In WeHo the LA Times newsrack had a little sign advertising their ongoing coverage of the mother of all awards shows (when people in "the industry" think the sun rises and sets around them) that read, "Who's going to go home with the little guy?" --Did they come up with that just for Boystown, I wonder?
The Feb. 27 issue of Newsweek had a nice piece about Mardi Gras in New Orleans by Michael Patrick Welch that complemented their 'hard' coverage of New Orleans recovery very poignantly.
2/26 2 p.m. I'm such a pig. I listen to the fascinating experiences of others, and envision myself living their lives. I'm the kid in the candy store who doesn't understand why I can't have one of everything. It completely slips my mind that hey! I've had one of those lives, too! It's been full of a lot of laughs, tons of excitement, and more experiences and sensations and variety than most people could ever dream of.
And you know what? It's perfectly okay to want more. No, I don't discount the life I've had, thinking it more constricted and narrow than some (there's no winning at that); it isn't at all a case of envy or coveting what I don't have. No, just a good old fashioned case of if some is good, more is better. After all, someday it will all come to an end, and I don't want any regrets for what I could have done but didn't.
2/27 'Fat Monday' 6:33 a.m. This year especially, as New Orleans and the Gulf Coast celebrates Mardi Gras as well as declares to the world its determination to come back after the natural (and government) disasters, it signifies more than the 'farewell to the flesh' but the whole of the pagan holiday that represents renewal and the spirit of rejoicing and reaffirming their survival through the darkest hour.
Perhaps no one as much as those in recovery could appreciate the symbolism. It is very much a part of what sets Southern California AA apart from the rest of the country: how we shout and cheer and celebrate and acknowledge various lengths of sobriety, recognizing that especially at certain points our spirit may waver a bit or be more vulnerable than at others. Like handing Gatorade to a runner to prevent their dehydration, we spur each other on, knowing what it means to have survived.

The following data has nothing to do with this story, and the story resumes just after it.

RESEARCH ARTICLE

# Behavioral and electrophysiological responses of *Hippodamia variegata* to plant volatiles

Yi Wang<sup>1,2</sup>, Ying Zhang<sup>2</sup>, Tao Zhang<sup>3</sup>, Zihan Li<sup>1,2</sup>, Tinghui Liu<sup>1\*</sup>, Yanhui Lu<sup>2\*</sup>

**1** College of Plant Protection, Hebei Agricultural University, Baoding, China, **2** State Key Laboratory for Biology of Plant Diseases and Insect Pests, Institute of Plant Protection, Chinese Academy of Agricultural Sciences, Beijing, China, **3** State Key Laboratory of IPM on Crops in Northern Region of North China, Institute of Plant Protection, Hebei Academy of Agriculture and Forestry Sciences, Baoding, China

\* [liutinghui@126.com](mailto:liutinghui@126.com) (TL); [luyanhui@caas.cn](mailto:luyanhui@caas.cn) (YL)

For those not in recovery, it may be hard to fathom, but this path we have had to walk has been divinely ordained for us to follow. It is an awesome responsibility, to be silent partners on this spiritual journey. Why couldn't it have been a little easier? And with a lower body count? This, the eve of my last drink 25 years ago is cause for some navel-gazing, to be sure, but it is something that for those of us who have been given this incredible gift we know --and must be constantly reminded-- of the obligation that comes with it. If you saw yourself die, and come back, how could you possibly delude yourself in thinking that your life is yours to do with as you please? To some degree, there is a lot of latitude in the choices we are allowed to make. But we must never, ever, forget that when all is said and done that we have turned our lives over to a power greater than ourselves; and it is in the service of that greater good that we must be.
It's weird, and wonderful, and scary. Even after all these years, like your first trip to Disneyland or the seeing Northern Lights. Sobriety is the ultimate orgasm, and whatever Tantric tricks Sting is doing to make his last, ours are even longer, and more of a rush, guaranteed. It's a life with a really yucky birthing process, though, and I wouldn't wish it on anybody. Anybody who isn't already slated to receive it, that is. If you are, then it's like, wow! Flying over the Swiss Alps like Peter Pan. Like those flying dreams I used to have when I was a kid (I had the top bunk and would wake up in the morning on the floor, but man, it was flying).